for x<-1 for example, -2, one of the brackets turn out to be positive, which does not satisfy our initial assumption that both must be negative.

for x<1 ex 0, one bracket is +ve and one is -ve <Not Desired>; for 0, the inequality is not > 0 <not desired>

if we go still less it follows the first case

for x>-1 pretty much follows like the above. Hence nothing desired.--------(2)

Hence, x>1

A is sufficient.

First of all I wouldn't recommend to solve this question the way you are doing.

Next, when you consider both multiples to be negative and get \(x<-1\) from the first one, then the second multiple automatically transformes to \((-x-1)\), since if \(x<-1<0\) then \(|x|=-x\). So, we have that \(-x-1<0\) must also be true or \(x>-1\), which contradicts the case for the first multiple (\(x<-1\)). So, both \(x+1\) and \(|x|-1\) can not be negative.

Also I think you got x<1 & x>-1 from |x|<1, and if yes, then it's not correct: \(|x|<1\) means that \(-1<x<1\). So, again \(x<-1\) (for the first multiple to be negative) and \(-1<x<1\) (for the second multiple to be negative) cannot simultaneously be true.

Statement 1: For (x+1)(lxl-1) > 0, we should have either (x+1)>0 and (lxl-1) > 0 or (x+1)<0 and (lxl-1) < 0 when (x+1)>0 and (lxl-1) > 0 (x+1)>0 => x>-1 (lxl-1) > 0 => x>1 or x <-1 From above two, possible solution is x>1 when (x+1)>0 and (lxl-1) < 0 (x+1)<0 => x<-1 (lxl-1) < 0 => -1<x<1 Both of these can not be satisfied by any value of x. Hence we get only 1 solution, x>1. which is what we wanted to ascertain. Sufficient.

Statement 2: |x| <5 => -5<x<5 Clearly not sufficient to tell whether x>1 or not.

so you just have to find the common region if its done on a number line and we ignore one of the cases, since there isn't a common region? _________________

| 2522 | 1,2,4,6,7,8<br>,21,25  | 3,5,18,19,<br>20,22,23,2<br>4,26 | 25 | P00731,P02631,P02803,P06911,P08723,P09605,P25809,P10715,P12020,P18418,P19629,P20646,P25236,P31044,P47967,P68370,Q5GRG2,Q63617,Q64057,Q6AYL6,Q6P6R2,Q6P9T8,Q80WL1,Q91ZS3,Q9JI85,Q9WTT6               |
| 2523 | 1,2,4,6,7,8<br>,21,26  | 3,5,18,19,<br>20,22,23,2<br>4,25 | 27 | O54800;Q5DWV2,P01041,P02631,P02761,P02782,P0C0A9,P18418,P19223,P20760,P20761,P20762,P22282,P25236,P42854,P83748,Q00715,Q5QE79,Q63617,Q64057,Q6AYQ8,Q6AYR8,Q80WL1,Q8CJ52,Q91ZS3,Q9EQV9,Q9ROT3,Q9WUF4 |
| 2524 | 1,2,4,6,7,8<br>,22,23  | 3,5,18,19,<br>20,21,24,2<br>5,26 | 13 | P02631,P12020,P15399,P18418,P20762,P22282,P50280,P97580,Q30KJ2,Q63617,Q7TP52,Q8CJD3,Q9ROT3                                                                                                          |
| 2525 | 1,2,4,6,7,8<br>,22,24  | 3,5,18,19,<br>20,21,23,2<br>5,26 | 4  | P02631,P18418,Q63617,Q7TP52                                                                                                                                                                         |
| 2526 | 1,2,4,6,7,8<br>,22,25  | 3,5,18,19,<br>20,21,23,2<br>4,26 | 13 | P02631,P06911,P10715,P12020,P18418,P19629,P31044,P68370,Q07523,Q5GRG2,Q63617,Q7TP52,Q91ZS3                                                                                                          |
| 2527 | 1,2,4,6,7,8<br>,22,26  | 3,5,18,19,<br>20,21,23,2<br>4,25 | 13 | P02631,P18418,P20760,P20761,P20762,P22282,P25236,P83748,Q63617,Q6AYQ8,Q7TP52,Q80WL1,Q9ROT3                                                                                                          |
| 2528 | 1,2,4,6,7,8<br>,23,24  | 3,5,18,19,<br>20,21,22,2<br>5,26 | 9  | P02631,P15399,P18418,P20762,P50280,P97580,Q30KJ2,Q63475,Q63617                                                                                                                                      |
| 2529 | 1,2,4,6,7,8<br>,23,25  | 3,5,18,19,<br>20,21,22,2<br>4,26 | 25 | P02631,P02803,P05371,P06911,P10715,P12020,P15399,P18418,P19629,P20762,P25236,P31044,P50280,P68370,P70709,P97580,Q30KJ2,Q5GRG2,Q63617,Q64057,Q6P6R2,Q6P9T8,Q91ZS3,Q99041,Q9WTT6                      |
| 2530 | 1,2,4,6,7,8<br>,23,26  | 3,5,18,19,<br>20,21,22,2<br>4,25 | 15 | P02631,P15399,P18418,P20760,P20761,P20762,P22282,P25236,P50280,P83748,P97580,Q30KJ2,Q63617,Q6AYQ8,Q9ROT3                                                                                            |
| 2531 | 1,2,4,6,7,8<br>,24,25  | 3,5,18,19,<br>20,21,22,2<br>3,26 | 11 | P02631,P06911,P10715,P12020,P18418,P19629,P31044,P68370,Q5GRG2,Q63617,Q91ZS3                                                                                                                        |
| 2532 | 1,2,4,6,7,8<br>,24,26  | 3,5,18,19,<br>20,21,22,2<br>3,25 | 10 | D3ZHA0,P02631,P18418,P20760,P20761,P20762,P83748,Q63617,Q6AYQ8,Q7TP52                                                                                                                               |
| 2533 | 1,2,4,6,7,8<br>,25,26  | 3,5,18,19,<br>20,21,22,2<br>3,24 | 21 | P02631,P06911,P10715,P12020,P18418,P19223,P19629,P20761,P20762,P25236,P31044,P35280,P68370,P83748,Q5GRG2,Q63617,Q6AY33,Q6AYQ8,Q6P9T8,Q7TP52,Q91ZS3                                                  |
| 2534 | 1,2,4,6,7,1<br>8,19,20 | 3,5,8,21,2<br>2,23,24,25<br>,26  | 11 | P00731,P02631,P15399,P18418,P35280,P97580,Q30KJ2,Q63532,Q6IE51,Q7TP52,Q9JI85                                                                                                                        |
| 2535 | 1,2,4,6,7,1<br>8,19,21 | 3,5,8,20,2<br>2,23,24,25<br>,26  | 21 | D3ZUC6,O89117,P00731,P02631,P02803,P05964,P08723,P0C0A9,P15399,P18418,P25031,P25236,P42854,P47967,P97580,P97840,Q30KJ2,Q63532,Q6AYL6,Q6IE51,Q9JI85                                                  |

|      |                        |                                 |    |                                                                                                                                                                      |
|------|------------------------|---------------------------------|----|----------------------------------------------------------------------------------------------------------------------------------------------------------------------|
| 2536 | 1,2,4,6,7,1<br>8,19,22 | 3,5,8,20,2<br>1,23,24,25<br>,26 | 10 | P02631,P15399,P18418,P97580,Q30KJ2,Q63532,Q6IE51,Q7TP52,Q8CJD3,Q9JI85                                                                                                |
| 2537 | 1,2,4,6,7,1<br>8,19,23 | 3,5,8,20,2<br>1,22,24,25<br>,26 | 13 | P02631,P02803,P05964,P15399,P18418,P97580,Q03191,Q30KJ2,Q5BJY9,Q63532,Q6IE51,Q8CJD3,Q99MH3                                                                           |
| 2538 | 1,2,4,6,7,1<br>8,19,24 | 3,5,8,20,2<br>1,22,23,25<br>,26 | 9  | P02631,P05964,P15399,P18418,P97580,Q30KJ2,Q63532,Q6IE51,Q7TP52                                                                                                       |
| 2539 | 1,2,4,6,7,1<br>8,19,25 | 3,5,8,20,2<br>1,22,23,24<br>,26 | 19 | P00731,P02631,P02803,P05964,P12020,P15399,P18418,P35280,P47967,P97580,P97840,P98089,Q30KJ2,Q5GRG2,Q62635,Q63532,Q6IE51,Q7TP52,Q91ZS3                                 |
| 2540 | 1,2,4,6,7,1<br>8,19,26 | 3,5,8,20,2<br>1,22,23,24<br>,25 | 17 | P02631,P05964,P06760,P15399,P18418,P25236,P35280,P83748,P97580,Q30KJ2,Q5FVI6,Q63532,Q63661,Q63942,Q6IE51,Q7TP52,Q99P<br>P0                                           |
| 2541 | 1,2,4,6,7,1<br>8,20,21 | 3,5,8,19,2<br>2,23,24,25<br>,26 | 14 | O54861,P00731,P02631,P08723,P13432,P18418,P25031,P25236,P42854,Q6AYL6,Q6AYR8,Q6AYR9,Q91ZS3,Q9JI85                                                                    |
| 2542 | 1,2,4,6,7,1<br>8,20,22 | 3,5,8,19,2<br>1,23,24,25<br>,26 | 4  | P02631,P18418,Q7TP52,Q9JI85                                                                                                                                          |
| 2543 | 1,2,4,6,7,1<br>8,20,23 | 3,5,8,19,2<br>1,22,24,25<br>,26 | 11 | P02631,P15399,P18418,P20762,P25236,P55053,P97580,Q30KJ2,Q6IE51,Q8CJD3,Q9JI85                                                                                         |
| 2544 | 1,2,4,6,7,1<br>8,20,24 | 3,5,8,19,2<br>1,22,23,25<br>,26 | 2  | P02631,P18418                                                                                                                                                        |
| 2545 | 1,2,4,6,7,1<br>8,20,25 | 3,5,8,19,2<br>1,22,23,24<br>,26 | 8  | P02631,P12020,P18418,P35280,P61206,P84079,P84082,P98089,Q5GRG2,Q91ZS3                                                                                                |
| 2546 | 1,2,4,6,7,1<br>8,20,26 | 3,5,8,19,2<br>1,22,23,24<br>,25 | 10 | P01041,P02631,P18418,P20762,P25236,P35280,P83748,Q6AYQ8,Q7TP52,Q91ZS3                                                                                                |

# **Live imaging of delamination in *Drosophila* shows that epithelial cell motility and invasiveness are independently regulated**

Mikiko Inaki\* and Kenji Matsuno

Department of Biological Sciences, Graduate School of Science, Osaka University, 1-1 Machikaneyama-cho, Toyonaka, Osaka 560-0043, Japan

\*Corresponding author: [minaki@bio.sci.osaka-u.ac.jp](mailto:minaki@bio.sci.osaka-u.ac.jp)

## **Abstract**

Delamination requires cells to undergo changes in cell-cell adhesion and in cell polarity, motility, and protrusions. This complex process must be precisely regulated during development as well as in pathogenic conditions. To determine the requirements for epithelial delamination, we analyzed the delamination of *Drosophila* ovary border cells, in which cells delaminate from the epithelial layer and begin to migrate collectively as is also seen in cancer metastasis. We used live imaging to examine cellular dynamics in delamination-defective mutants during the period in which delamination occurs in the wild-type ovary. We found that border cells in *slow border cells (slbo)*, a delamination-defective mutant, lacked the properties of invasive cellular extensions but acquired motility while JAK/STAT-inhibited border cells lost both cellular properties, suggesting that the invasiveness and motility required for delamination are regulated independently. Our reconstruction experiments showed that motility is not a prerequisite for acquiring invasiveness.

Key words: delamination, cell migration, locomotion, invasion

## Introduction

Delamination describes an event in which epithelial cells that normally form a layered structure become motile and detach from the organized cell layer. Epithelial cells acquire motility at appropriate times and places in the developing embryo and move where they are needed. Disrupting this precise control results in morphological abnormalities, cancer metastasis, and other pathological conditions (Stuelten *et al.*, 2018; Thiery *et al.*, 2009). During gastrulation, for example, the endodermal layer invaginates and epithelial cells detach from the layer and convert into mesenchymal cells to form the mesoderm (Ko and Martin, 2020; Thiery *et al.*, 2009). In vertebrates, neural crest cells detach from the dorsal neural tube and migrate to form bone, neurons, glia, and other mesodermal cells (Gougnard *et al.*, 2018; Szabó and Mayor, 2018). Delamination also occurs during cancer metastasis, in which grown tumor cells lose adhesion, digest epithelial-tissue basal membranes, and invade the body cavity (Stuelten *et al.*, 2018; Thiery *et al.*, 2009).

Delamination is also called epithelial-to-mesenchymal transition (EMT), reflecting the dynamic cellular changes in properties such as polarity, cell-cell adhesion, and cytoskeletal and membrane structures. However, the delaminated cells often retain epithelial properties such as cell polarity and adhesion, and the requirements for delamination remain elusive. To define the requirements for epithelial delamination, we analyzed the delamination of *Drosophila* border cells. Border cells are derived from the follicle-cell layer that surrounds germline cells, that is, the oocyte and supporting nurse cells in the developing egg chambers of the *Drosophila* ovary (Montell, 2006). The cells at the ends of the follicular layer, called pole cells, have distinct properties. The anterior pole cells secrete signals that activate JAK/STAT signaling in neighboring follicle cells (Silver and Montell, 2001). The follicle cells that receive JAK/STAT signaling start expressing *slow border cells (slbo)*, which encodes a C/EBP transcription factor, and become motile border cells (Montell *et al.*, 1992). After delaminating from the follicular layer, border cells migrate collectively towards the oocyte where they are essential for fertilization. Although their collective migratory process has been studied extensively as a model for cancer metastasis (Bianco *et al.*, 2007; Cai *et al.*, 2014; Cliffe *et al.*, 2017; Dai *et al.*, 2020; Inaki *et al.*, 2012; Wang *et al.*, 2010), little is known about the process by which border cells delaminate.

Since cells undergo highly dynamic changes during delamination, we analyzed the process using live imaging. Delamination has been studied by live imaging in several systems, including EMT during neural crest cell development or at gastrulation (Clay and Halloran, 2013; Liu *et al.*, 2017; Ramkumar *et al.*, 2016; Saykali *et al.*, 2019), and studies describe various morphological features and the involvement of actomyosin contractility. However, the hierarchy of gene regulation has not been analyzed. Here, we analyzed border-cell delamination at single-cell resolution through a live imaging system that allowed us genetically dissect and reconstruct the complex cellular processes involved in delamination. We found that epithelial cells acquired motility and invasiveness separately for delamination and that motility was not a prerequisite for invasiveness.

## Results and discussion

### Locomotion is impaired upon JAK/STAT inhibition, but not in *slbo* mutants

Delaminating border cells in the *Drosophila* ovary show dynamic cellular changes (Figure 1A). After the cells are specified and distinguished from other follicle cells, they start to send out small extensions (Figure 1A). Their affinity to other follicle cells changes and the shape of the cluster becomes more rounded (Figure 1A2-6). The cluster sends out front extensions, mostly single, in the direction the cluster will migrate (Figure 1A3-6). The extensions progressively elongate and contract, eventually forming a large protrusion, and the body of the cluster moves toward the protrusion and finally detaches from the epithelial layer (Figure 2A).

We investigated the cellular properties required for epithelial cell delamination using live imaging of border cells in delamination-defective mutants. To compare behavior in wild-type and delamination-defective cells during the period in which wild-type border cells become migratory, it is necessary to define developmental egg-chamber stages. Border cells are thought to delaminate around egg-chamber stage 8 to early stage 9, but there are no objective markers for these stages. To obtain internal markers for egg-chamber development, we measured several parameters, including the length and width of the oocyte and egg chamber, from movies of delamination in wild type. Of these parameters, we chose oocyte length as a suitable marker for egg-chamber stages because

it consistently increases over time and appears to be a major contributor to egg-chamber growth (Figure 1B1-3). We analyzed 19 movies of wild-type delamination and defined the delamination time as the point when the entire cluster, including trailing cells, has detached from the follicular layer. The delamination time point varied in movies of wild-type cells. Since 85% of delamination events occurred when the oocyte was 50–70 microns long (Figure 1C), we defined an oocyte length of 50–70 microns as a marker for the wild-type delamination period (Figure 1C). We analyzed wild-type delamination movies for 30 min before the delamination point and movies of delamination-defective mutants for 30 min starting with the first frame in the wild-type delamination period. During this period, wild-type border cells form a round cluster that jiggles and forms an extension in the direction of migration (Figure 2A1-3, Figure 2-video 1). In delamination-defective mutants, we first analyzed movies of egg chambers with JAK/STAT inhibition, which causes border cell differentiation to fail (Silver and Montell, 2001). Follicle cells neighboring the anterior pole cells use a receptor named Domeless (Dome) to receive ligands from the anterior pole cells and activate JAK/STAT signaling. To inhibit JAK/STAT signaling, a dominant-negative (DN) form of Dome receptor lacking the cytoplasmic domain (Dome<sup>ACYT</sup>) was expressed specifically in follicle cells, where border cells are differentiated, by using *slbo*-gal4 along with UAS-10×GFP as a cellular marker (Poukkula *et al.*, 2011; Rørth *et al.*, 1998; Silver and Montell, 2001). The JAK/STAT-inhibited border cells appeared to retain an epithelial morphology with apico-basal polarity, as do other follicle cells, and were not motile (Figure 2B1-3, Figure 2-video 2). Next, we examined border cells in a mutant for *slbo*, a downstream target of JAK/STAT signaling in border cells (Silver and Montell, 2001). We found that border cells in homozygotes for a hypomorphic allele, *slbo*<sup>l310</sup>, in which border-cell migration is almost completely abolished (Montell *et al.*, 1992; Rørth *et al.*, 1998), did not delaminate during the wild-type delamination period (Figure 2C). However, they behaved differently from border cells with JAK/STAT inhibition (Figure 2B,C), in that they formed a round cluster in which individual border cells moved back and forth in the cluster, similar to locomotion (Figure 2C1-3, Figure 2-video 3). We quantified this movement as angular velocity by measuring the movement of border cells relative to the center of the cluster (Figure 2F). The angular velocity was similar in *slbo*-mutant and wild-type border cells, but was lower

If \(x>0\) then \(|x|=x\) so \((x+1) (|x| - 1) > 0\) becomes \((x+1) (x - 1) > 0\) --> \(x^2-1>0\) --> \(x^2>1\) --> \(x<-1\) or \(x>1\). Since we consider range when \(x>0\) then we have \(x>1\) for this case;

If \(x\leq{0}\) then \(|x|=-x\) so \((x+1) (|x| - 1) > 0\) becomes \((x+1) (-x - 1) > 0\) --> \(-(x+1) (x+1) > 0\) --> \(-(x+1)^2>0\) --> \((x+1)^2<0\). Now, since the square of a number cannot be negative then for this range given equation has no solution.

So, we have that \((x+1) (|x| - 1) > 0\) holds true only when \(x>1\). Sufficient.

(2) |x| < 5 --> \(-5<x<5\). Not sufficient.

Answer: A.

Hope it's clear.

Sorry, I don't understand why we should consider the range where x>0. because of the absolute value?

We need to get rid of the modulus in the expression to solve it and this is the way to do that. Check here: is-x-134652.html#p1097668

If \(x>0\) then \(|x|=x\) so \((x+1) (|x| - 1) > 0\) becomes \((x+1) (x - 1) > 0\) --> \(x^2-1>0\) --> \(x^2>1\) --> \(x<-1\) or \(x>1\). Since we consider range when \(x>0\) then we have \(x>1\) for this case;

If \(x\leq{0}\) then \(|x|=-x\) so \((x+1) (|x| - 1) > 0\) becomes \((x+1) (-x - 1) > 0\) --> \(-(x+1) (x+1) > 0\) --> \(-(x+1)^2>0\) --> \((x+1)^2<0\). Now, since the square of a number cannot be negative then for this range given equation has no solution.

So, we have that \((x+1) (|x| - 1) > 0\) holds true only when \(x>1\). Sufficient.

(2) |x| < 5 --> \(-5<x<5\). Not sufficient.

Answer: A.

Hope it's clear.

Hi,

This is my first post so was little conscious to ask my doubt. In the above question, we took the roots as 1<x>1. However, in this question as mentioned below (unable to post the link as per new member rule)